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Old 06-07-2007, 02:09 PM   #21
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Clecos hold pretty well, too. I was working on our rig some years ago and used a bunch of them to hold things in place while putting in permanent rivets. Welll, about a year later, I looked up and found a cleco still in the hole, still holding well. Duh. Took the cleco out and put in the rivet.

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Old 06-07-2007, 06:48 PM   #22
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Originally Posted by pinkflamingoes
I bought some electric metal shears. Can I use that to cut the belly pan, or is the material too thick to use that, instead of the Jilson Supersnips?

I could have used those supersnips when I was removing the old belly pan and saved my wrists from looking like I tried to kill myself!
It depends on the thickness and alloy of what you are using, but most likely yes.
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Old 06-07-2007, 09:43 PM   #23
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5052 .32 is what we'll be using for the belly pan.
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Old 06-08-2007, 08:54 AM   #24
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5052, Magnesium as primary alloying element, but I'm guessing the thickness is .032, as .32 is just a tad over 5/16" thick. The electric shear will work just fine on .032.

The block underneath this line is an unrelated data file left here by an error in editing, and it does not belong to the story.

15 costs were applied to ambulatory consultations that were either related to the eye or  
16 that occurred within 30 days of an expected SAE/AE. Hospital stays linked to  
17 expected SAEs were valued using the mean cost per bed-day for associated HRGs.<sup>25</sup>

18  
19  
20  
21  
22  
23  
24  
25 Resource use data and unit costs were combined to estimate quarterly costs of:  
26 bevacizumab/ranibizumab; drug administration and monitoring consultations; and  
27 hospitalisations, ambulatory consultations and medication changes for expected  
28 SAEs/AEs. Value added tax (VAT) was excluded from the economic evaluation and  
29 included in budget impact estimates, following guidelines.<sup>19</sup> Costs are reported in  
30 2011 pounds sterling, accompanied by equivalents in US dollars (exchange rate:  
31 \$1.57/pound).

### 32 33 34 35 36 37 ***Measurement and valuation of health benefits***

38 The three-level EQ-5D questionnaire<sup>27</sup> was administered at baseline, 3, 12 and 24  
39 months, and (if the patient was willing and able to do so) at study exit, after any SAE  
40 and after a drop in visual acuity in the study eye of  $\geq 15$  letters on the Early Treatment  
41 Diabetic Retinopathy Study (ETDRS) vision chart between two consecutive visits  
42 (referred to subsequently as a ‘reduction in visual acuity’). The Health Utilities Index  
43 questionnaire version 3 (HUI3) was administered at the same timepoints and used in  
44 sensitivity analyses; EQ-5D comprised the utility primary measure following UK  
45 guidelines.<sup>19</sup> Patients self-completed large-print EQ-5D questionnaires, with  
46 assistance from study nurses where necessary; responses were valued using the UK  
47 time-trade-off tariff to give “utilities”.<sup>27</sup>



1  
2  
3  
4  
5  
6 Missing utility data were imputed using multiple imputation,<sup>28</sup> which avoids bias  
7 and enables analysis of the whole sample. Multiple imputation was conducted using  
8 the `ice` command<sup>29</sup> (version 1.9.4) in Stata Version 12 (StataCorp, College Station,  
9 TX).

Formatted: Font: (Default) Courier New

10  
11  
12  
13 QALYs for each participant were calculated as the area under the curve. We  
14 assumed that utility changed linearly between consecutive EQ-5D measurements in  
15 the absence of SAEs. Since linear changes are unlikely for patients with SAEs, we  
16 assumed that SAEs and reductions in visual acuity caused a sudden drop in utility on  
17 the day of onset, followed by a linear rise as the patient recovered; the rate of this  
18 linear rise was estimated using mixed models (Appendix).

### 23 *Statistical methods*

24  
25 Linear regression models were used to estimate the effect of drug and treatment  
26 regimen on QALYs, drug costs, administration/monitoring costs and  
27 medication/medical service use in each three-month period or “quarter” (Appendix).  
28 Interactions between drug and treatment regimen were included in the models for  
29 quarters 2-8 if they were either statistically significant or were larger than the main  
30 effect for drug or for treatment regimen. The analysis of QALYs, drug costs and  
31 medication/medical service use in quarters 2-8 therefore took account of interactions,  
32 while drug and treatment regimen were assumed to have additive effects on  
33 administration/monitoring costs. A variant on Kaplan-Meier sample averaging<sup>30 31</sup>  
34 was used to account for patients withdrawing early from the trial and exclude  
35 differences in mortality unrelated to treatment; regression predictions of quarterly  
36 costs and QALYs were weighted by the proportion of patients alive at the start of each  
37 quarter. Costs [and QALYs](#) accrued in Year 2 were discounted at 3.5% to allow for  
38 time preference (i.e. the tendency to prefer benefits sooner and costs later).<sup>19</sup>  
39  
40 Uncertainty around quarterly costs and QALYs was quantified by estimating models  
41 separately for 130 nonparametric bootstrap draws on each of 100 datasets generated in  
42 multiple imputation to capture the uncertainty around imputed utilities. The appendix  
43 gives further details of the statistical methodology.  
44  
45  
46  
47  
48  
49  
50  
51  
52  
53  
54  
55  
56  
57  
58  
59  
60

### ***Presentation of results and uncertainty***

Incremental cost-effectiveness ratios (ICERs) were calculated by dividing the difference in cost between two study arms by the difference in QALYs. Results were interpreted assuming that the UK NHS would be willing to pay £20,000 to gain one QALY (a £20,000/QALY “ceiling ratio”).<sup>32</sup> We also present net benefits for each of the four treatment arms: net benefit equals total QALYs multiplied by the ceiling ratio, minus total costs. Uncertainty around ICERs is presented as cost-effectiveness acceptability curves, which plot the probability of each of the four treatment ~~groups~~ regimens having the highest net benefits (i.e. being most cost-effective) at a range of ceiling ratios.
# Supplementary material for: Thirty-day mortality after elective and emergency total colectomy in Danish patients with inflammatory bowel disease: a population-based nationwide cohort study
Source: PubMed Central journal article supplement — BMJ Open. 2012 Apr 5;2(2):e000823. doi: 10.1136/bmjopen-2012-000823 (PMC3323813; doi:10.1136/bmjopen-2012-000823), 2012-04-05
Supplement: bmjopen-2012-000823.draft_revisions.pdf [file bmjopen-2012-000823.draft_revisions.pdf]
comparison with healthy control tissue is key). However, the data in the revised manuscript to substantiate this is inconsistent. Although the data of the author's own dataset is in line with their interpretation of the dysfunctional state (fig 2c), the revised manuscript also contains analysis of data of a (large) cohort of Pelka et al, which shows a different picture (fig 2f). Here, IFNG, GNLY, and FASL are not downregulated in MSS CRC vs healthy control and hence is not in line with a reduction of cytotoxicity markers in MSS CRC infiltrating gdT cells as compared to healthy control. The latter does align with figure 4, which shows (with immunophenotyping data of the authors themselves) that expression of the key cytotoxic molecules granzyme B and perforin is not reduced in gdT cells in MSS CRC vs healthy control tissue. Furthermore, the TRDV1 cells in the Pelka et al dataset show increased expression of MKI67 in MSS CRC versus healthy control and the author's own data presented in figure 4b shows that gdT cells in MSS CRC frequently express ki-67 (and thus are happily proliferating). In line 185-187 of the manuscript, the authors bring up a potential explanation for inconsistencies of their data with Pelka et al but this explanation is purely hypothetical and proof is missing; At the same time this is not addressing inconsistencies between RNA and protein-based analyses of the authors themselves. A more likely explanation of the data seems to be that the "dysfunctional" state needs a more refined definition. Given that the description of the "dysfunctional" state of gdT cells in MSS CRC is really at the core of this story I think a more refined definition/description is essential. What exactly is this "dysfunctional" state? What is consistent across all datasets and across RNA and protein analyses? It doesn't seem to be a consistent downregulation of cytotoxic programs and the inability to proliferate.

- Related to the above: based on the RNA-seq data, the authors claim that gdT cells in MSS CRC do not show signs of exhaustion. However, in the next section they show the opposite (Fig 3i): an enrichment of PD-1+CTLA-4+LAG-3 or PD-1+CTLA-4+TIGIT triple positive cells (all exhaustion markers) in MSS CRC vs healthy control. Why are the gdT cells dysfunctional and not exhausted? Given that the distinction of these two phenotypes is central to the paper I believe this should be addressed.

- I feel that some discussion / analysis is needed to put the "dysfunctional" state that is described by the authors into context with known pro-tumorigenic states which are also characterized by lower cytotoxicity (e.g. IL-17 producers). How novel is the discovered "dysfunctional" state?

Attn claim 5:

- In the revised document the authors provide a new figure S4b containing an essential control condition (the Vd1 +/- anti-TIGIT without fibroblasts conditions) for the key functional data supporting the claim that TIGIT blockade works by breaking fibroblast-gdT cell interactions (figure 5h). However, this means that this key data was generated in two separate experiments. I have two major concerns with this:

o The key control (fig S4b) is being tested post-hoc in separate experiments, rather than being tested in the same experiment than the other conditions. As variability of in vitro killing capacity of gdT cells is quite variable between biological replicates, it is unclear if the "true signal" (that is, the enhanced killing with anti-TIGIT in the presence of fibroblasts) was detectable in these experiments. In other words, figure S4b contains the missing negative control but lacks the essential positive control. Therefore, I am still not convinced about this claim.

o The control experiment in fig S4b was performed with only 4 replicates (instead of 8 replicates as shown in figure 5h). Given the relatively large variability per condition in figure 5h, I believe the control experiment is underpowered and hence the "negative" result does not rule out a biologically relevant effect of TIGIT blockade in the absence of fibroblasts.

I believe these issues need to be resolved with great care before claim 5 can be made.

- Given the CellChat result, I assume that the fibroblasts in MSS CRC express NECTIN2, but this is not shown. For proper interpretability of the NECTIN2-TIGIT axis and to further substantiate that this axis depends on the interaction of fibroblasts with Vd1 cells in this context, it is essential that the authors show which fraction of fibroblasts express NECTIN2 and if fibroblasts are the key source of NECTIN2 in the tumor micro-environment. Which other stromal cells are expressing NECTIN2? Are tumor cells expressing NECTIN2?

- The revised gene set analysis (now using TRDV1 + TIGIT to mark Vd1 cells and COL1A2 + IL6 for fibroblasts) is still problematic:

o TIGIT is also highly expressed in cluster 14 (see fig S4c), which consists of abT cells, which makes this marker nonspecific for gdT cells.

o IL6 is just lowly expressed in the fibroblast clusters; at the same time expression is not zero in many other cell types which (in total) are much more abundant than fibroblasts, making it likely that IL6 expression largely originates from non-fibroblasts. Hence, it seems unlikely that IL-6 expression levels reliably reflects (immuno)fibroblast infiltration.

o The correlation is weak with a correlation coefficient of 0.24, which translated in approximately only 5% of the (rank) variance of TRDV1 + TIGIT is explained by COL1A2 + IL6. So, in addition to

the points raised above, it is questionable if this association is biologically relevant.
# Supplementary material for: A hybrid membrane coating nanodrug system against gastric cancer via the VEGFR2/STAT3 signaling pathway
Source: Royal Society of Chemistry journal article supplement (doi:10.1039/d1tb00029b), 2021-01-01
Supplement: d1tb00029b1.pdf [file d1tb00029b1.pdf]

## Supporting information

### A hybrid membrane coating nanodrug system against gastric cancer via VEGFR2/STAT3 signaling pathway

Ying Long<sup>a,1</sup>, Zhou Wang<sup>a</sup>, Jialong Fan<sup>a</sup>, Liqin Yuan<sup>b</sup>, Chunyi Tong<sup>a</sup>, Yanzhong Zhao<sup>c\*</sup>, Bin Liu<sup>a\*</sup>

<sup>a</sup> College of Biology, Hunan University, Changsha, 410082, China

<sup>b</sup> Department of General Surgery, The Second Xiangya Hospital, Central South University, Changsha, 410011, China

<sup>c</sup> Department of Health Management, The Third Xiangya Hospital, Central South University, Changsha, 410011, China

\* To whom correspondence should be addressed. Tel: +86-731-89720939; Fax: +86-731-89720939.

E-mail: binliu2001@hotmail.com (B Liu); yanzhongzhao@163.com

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Old 06-08-2007, 09:20 AM   #25
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5052 .32 is what we'll be using for the belly pan.
.024 is most adequate for the underbelly. Anything thicker than that is over kill.

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Old 06-08-2007, 01:22 PM   #26
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.032, yes thanks. That would be a pretty thick belly pan!!
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Old 06-08-2007, 02:37 PM   #27
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I am sure the Jilson Supersnips work very well, but it is worth mentioning the snips my father always used. He was a sheetmetal worker and was a strong proponent of Wiss brand aircraft shears. He would not buy any brand but Wiss. Aircraft shears come in cuts-right, cuts-left, and cuts-straight models. He considered the cuts-straight version a waste of money for most purposes. Aircraft shears are not a perfect solution for all metal cutting, but I have happily used them for many years. If I am not mistaken, they are called aircraft shears because of their use for building aluminum aircraft in WWII and, perhaps, before.
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Old 06-08-2007, 02:39 PM   #28
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Thanks. We already have the shears, my husband has them for cutting formica etc. Are the Wiss electric?

You're not too far from me, over there in Lafayette!
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Old 06-08-2007, 06:47 PM   #29
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The Wiss aircraft shears are simply muscle powered. I mentioned them because so many seem unaware of what is a very practical tradesman's tool.

Yes, Alameda and Lafayette are very close to each other!
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